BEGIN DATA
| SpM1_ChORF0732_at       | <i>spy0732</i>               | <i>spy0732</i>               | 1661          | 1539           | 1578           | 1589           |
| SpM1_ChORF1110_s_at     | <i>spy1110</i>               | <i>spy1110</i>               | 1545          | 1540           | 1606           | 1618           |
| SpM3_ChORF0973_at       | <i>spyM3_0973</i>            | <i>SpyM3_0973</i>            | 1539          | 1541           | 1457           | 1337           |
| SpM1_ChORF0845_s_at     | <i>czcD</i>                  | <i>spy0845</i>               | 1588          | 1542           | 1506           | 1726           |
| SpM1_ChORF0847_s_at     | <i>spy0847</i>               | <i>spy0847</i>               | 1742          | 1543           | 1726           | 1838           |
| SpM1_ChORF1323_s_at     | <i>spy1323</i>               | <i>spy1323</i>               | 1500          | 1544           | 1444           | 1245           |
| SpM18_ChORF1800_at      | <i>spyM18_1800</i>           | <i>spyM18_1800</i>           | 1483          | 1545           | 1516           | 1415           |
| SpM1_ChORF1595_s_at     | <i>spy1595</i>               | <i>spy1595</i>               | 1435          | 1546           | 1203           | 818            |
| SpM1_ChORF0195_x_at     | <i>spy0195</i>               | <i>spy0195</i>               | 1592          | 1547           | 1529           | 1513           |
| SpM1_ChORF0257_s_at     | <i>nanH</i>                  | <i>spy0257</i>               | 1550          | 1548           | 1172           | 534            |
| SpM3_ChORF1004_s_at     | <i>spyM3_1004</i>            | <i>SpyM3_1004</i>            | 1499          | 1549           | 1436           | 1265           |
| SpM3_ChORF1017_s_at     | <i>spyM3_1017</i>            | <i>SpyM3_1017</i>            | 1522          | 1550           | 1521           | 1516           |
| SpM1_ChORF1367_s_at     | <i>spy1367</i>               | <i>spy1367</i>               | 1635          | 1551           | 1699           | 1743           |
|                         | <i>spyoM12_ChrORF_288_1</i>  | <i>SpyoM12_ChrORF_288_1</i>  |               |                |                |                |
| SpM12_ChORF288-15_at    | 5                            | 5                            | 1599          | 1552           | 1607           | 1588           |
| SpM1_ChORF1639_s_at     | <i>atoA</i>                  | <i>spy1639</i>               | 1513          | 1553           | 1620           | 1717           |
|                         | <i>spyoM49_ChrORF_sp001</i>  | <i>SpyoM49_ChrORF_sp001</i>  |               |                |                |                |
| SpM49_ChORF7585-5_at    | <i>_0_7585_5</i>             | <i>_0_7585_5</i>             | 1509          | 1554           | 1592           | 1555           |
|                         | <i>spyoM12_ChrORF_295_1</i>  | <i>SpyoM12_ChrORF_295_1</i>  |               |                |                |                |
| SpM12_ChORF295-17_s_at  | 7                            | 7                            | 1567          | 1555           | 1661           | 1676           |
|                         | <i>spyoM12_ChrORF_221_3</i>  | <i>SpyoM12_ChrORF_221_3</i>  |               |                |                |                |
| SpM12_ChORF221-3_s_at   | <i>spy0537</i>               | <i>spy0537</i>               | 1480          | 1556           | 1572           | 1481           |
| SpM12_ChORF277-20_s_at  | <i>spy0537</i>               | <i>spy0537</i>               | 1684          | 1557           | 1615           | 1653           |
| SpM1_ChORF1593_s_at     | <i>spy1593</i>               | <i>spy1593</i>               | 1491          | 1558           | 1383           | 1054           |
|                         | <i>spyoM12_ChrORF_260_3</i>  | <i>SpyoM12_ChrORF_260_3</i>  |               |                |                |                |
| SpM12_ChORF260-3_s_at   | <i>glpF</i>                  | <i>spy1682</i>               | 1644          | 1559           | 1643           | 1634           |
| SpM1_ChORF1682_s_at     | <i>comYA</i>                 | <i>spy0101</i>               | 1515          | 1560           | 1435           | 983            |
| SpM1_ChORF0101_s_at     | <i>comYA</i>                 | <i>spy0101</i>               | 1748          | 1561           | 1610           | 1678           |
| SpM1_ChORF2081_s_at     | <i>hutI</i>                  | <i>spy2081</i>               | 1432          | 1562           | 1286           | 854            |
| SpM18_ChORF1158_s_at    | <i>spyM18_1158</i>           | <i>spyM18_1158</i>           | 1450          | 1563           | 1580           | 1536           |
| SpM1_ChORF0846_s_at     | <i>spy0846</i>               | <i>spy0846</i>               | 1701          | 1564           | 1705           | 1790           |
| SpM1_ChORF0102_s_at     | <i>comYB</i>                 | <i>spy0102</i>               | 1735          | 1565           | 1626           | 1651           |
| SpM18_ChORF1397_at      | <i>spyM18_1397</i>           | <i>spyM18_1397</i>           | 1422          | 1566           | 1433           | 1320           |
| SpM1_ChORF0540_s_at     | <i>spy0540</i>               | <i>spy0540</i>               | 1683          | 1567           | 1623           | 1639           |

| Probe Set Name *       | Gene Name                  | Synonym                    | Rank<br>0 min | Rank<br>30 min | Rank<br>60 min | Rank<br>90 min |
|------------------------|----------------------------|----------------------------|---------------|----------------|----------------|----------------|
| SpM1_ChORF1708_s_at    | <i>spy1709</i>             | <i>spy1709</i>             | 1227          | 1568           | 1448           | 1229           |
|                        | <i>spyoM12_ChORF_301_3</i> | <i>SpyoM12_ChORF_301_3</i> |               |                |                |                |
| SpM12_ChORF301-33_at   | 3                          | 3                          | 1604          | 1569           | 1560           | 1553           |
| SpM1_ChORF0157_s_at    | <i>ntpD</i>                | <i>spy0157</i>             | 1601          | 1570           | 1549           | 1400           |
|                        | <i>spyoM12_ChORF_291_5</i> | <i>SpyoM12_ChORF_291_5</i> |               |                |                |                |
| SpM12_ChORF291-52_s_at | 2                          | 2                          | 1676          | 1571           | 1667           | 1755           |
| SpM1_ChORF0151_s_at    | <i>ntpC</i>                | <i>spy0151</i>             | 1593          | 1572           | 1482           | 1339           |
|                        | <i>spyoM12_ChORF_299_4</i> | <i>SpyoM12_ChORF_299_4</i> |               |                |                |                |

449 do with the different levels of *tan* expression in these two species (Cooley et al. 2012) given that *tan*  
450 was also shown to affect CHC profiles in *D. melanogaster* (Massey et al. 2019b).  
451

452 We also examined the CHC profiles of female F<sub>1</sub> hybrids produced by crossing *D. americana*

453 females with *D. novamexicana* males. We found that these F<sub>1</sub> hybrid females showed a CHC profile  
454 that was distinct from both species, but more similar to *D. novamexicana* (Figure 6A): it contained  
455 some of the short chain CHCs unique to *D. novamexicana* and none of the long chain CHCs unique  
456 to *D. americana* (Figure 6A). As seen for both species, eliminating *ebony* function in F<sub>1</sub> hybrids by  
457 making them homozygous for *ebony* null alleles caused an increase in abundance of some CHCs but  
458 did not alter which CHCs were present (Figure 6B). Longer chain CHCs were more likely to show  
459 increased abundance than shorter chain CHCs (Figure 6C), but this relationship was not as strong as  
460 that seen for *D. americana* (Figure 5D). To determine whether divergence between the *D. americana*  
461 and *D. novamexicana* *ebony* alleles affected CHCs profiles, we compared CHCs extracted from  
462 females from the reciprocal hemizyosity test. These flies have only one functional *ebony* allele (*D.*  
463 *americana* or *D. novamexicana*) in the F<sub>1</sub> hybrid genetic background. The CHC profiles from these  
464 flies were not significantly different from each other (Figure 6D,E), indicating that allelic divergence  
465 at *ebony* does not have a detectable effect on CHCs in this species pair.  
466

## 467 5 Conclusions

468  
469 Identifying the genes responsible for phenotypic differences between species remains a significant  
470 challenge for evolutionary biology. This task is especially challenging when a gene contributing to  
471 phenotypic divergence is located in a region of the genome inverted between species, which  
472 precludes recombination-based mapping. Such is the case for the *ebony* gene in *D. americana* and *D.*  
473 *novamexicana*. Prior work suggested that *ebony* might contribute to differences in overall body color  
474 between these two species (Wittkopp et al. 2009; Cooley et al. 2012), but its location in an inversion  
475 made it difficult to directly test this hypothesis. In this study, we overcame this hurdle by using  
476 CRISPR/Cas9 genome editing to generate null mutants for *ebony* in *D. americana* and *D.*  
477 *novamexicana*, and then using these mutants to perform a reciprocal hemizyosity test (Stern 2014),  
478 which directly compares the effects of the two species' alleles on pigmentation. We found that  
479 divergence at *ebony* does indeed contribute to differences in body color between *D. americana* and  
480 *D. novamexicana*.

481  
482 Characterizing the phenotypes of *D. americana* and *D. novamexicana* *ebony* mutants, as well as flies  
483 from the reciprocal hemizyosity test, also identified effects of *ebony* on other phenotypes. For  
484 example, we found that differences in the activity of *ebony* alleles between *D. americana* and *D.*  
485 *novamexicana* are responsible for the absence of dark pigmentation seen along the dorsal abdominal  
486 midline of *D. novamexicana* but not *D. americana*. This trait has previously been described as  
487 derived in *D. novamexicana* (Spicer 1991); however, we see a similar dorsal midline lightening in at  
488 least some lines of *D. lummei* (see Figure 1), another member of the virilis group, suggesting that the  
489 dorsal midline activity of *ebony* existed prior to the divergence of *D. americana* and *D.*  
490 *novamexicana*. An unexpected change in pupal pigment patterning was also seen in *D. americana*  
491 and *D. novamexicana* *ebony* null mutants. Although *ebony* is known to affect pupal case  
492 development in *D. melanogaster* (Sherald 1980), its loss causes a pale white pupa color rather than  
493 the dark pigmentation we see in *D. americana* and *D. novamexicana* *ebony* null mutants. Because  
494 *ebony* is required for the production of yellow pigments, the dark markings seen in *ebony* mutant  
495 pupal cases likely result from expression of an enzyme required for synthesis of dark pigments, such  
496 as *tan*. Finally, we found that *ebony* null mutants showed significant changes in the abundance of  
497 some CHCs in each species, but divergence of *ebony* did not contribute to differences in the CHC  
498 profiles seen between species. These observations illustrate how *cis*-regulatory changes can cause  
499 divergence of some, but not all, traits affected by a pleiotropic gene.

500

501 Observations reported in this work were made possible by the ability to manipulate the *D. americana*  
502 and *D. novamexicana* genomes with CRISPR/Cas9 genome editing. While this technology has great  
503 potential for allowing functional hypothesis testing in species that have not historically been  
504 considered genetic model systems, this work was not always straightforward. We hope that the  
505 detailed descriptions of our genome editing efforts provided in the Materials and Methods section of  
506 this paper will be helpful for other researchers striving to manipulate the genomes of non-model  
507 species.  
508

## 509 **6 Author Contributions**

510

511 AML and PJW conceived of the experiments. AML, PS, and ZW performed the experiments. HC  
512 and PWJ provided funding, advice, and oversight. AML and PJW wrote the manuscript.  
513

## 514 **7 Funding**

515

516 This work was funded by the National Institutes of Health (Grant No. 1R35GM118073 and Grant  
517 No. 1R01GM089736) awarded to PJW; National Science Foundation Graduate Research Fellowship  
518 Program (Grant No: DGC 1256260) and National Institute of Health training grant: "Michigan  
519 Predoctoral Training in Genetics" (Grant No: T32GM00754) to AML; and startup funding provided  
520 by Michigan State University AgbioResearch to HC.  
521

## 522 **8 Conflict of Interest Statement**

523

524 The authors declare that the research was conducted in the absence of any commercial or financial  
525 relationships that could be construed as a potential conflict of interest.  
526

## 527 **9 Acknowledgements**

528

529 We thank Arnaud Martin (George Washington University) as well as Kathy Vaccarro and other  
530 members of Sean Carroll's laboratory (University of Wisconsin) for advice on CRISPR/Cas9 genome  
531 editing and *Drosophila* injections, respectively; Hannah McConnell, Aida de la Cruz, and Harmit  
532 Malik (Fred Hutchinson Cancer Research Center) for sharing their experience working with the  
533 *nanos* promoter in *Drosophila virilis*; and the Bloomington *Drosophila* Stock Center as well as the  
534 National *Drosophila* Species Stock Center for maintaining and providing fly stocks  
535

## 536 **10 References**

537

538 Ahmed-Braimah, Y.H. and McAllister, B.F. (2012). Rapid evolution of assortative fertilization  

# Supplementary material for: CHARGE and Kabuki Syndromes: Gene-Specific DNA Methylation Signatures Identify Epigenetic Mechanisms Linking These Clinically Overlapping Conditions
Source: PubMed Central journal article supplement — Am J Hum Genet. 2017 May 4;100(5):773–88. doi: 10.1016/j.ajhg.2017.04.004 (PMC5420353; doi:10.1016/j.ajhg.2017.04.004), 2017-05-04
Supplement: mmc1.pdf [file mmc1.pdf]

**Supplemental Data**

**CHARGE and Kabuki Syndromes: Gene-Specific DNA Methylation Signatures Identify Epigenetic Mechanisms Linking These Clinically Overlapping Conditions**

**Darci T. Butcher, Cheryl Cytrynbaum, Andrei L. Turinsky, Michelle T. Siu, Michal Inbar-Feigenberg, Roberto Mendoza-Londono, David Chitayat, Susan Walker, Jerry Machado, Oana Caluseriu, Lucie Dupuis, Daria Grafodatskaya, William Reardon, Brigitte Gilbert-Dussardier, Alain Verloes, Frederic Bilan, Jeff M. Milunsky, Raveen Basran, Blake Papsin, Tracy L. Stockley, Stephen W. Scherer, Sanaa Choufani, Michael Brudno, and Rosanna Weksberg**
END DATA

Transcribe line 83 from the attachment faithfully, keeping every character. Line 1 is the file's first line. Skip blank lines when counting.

487 derived in *D. novamexicana* (Spicer 1991); however, we see a similar dorsal midline lightening in at  